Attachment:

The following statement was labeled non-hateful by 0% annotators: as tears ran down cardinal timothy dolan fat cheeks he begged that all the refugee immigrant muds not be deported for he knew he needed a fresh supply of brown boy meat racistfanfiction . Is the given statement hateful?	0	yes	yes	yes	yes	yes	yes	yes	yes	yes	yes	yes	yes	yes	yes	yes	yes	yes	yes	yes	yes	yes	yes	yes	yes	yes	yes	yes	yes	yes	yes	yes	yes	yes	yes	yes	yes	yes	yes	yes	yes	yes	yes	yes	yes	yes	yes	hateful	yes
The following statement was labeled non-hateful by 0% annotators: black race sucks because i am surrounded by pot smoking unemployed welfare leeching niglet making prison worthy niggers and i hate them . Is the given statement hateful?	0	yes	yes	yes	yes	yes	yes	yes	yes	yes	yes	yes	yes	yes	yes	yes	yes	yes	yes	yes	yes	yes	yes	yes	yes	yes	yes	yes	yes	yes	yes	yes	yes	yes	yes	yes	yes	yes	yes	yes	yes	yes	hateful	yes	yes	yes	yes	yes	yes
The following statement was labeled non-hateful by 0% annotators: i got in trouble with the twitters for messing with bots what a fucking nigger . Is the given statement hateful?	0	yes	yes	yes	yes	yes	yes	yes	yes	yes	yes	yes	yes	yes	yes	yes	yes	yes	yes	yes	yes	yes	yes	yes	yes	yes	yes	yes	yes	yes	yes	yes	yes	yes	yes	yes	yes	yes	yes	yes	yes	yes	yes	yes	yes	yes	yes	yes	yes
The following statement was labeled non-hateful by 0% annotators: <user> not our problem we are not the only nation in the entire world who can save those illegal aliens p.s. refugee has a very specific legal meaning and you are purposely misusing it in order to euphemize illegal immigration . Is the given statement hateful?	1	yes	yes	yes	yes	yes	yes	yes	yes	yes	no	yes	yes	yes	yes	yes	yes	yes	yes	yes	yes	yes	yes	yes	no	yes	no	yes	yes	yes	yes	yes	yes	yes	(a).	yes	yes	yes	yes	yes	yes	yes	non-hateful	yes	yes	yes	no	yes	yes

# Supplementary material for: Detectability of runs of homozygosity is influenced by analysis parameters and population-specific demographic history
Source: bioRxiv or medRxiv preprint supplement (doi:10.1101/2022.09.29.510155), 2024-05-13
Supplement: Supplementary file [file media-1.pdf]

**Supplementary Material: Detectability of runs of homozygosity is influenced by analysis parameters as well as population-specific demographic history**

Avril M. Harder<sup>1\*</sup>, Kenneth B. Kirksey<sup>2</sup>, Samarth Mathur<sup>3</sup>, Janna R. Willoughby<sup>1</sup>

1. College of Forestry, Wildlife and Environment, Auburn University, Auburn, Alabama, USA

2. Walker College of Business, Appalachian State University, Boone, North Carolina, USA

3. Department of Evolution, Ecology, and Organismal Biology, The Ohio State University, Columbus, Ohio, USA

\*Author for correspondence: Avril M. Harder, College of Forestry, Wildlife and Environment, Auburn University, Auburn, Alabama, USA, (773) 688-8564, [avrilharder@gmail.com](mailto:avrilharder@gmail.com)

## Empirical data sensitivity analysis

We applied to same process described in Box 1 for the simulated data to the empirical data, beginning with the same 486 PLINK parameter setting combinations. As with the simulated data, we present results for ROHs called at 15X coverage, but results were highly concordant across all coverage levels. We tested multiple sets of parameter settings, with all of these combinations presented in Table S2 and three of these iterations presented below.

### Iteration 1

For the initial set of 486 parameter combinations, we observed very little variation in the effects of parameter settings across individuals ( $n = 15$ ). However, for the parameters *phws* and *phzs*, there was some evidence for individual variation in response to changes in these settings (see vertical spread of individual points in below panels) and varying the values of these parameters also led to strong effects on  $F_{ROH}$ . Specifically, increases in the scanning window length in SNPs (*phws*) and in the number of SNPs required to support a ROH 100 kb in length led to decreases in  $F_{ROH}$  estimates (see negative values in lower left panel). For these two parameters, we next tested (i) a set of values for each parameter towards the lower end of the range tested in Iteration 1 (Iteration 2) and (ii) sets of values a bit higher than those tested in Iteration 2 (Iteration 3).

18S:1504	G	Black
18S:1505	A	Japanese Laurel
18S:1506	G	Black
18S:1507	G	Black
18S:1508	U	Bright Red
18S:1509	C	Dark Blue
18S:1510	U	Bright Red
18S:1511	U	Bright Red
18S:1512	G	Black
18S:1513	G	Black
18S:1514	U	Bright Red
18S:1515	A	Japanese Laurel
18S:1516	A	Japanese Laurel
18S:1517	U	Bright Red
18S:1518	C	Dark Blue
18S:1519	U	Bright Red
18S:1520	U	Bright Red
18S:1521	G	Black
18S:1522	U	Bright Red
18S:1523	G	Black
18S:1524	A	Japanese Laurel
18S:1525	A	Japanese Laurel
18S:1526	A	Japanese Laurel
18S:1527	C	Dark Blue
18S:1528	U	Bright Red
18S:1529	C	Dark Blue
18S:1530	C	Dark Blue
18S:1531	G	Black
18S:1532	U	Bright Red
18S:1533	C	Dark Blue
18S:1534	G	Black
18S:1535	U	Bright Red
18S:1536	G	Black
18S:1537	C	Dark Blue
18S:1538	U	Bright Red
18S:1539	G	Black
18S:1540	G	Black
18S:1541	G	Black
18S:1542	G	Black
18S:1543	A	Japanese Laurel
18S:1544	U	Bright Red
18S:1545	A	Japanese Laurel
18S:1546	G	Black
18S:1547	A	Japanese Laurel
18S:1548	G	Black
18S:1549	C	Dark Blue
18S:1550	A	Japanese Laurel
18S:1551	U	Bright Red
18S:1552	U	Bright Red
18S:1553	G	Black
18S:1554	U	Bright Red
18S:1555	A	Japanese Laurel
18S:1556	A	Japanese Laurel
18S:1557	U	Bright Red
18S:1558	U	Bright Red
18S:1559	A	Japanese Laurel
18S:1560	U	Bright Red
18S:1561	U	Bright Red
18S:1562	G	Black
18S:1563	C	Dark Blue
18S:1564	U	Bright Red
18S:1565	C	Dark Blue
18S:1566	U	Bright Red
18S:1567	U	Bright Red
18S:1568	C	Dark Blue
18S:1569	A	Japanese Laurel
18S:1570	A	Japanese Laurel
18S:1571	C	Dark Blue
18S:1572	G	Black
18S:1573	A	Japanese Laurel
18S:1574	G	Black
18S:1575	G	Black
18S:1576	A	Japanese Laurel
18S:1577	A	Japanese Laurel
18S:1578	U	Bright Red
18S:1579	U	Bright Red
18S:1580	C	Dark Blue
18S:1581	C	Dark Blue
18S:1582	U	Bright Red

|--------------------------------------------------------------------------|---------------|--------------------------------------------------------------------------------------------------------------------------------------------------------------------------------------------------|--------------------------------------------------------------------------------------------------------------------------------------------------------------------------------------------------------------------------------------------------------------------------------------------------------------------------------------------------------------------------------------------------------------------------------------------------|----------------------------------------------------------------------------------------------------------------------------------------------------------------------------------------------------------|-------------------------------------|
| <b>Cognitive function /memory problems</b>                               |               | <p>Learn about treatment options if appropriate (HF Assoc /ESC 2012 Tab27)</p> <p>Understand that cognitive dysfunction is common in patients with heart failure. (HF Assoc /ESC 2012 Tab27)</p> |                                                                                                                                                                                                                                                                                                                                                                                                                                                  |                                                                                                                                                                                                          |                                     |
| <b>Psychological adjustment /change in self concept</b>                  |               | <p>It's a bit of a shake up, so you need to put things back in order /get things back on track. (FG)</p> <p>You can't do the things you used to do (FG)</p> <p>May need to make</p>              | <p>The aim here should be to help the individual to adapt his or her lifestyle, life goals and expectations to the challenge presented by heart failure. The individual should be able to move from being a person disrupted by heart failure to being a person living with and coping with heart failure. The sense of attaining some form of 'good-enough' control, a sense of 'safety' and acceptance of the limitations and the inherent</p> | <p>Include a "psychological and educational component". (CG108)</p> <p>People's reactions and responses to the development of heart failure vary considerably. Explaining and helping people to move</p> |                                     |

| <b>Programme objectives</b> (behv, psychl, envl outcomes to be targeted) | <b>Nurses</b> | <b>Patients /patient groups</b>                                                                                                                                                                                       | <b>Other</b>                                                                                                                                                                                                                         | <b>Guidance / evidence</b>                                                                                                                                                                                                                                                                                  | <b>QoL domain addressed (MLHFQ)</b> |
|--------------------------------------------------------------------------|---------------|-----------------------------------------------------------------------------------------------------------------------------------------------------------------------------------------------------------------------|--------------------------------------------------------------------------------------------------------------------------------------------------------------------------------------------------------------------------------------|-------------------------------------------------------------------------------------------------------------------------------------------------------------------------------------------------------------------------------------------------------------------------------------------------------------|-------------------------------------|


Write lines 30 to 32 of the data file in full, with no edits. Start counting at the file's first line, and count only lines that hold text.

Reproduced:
18S:1516	A	Japanese Laurel
18S:1517	U	Bright Red
18S:1518	C	Dark Blue